• Bootstrapping: This involves utilizing personal savings or funds from friends and family. Although this option may limit growth due to financial constraints, it does not dilute the founder’s equity in the startup.
  • Angel Investors: These are high-net-worth individuals who provide capital for a business start-up, usually in exchange for convertible debt or ownership equity. Angel investments can give a valuable cash influx, but require rigorous legal agreements.
  • Venture Capital: Venture capitalists are professional groups that manage pooled funds from investors, investing in high-growth startups with a clear exit strategy. This is a significant source of equity but entails ceding more substantial control and often a significant share of ownership.
  • Bank Loans: A traditional form of financing, bank loans for NRIs can have varying interest rates and require comprehensive business plans and financial projections. They usually demand collateral and have stringent repayment schedules.
  • Government Grants and Subsidies: Many government initiatives offer financial support to startups in specific sectors with minimal or no repayment obligations. However, these grants are often tied to strict conditions and regular assessments.
  • Crowdfunding: Through online platforms, startups can raise small amounts of money from a large number of people. Crowdfunding can be equity-based or reward-based, with regulatory guidelines differing across countries.

Additionally, NRIs must navigate a complex web of financial regulations while securing funding for their startups:

  • Tax Implications: The tax implications of different funding streams must be thoroughly understood to avoid adverse effects on the business’s financial health and tax obligations in both the entrepreneur’s residence country and India.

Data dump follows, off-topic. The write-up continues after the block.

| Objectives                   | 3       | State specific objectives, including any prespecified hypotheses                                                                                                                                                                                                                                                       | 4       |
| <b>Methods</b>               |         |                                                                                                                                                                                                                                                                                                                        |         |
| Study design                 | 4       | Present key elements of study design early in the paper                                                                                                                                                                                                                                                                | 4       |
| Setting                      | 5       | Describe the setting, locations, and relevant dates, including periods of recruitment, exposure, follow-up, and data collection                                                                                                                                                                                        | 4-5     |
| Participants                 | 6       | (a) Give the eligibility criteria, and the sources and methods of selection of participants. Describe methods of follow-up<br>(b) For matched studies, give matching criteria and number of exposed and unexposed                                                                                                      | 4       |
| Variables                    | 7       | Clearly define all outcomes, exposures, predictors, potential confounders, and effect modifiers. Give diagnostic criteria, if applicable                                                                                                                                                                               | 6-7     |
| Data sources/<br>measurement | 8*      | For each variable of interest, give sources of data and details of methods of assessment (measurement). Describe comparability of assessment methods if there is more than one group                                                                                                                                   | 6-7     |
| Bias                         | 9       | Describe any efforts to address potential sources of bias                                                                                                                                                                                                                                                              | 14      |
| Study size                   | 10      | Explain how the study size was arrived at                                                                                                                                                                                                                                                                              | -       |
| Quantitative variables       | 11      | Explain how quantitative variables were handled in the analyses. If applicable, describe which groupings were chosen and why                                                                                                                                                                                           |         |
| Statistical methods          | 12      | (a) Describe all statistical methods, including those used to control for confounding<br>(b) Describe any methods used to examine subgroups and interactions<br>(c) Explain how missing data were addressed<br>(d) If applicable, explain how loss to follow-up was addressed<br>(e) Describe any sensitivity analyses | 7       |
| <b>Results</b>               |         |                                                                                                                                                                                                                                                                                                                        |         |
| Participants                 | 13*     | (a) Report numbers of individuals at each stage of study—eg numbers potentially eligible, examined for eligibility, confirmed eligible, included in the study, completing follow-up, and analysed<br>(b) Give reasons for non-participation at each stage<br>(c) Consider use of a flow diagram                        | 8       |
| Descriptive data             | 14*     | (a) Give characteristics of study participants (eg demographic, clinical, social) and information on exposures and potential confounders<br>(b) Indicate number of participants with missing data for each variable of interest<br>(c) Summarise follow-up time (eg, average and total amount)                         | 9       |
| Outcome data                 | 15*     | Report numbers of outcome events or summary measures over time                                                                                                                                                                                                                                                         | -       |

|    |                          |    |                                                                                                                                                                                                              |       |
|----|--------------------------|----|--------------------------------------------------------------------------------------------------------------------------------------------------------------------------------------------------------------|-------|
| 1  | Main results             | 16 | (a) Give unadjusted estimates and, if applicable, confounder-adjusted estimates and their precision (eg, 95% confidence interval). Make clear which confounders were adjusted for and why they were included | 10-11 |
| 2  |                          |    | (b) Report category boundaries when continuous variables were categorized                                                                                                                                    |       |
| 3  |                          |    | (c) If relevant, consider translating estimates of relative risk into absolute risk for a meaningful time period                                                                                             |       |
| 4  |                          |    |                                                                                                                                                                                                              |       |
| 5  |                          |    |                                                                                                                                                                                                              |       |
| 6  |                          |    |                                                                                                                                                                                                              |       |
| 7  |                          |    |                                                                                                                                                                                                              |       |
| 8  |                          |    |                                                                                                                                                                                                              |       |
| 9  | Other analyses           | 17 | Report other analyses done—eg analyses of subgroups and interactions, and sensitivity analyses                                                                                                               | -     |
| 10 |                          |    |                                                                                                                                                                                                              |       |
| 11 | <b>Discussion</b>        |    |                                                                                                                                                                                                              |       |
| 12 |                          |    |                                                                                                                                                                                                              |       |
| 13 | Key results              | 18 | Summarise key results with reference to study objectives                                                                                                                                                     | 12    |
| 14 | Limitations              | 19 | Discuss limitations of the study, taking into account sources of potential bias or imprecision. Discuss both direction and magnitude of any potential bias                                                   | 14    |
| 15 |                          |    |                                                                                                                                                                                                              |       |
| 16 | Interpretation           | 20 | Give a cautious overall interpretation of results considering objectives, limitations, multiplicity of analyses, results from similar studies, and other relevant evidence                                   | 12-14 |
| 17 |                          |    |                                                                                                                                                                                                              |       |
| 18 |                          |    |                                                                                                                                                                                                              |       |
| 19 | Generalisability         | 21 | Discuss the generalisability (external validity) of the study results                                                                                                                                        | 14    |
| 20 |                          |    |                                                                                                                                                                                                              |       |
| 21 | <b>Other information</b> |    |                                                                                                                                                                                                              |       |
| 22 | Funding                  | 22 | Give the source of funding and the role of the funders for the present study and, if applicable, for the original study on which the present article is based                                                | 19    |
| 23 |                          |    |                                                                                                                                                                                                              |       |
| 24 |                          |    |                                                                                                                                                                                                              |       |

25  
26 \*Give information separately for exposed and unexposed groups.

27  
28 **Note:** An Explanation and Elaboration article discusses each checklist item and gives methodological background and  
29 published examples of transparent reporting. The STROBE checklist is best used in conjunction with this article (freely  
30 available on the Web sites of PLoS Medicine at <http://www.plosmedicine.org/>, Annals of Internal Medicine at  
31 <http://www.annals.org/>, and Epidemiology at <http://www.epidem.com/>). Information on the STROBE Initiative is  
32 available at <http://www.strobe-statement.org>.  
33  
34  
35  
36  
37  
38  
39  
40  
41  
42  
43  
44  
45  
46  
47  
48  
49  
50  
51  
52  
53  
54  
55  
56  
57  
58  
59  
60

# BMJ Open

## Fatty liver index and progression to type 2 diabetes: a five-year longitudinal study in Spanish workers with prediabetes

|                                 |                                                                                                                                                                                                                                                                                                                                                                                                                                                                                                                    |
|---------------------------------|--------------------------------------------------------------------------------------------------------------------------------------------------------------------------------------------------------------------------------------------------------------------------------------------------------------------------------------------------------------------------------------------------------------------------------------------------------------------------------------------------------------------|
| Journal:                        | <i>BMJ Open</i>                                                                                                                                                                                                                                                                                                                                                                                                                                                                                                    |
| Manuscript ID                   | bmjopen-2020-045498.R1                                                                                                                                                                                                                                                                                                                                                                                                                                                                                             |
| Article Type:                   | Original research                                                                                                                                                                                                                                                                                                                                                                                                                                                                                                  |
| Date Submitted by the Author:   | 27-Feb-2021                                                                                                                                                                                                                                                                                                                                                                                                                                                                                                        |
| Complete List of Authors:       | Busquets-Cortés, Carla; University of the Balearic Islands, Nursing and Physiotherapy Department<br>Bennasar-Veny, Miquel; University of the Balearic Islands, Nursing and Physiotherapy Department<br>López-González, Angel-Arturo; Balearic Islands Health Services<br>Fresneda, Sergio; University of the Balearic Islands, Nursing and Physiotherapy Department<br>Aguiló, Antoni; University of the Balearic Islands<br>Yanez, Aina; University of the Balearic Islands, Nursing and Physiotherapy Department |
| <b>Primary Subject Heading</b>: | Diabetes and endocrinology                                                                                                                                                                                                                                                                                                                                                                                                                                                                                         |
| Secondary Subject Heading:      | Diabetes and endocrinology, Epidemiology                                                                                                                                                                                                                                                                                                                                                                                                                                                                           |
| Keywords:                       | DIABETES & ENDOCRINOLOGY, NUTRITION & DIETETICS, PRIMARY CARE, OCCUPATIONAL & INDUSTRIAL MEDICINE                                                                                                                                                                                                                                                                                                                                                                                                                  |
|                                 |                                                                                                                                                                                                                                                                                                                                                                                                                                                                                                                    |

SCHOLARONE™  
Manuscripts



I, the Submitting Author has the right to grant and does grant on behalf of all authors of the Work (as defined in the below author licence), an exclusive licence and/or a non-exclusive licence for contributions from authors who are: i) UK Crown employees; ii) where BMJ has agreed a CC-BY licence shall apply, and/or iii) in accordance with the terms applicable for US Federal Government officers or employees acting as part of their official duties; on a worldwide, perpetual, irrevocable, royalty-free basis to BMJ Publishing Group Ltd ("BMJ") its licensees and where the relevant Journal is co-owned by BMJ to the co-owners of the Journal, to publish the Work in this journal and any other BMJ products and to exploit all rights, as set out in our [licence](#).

• Foreign Exchange Regulations: In most cases, NRIs must comply with the foreign exchange regulations of the country where the business is incorporated, such as the Foreign Exchange Management Act (FEMA) in India, which governs cross-border money transactions.
  • Compliance with Security Laws: When raising funds from investors, startups must conform with the security laws of their jurisdiction, ensuring that all disclosures, registrations, and documentation are in place as required by regulatory bodies.
  • Anti-Money Laundering (AML) and Know Your Customer (KYC): NRIs should adhere to AML and KYC requirements to demonstrate the legitimacy of funds and maintain transparency with investors and regulatory authorities.

For NRI-led startups, the process of funding and navigating financial regulations is not one-size-fits-all. It’s a tailored process that must align with the company’s developmental stage, business goals, and the regulatory environment. Hence, seeking professional financial and legal advice is often a wise step to ensure that potential funding opportunities are harnessed effectively while maintaining compliance with applicable financial regulations.

Key Compliance Requirements and Legal Considerations for NRI Entrepreneurs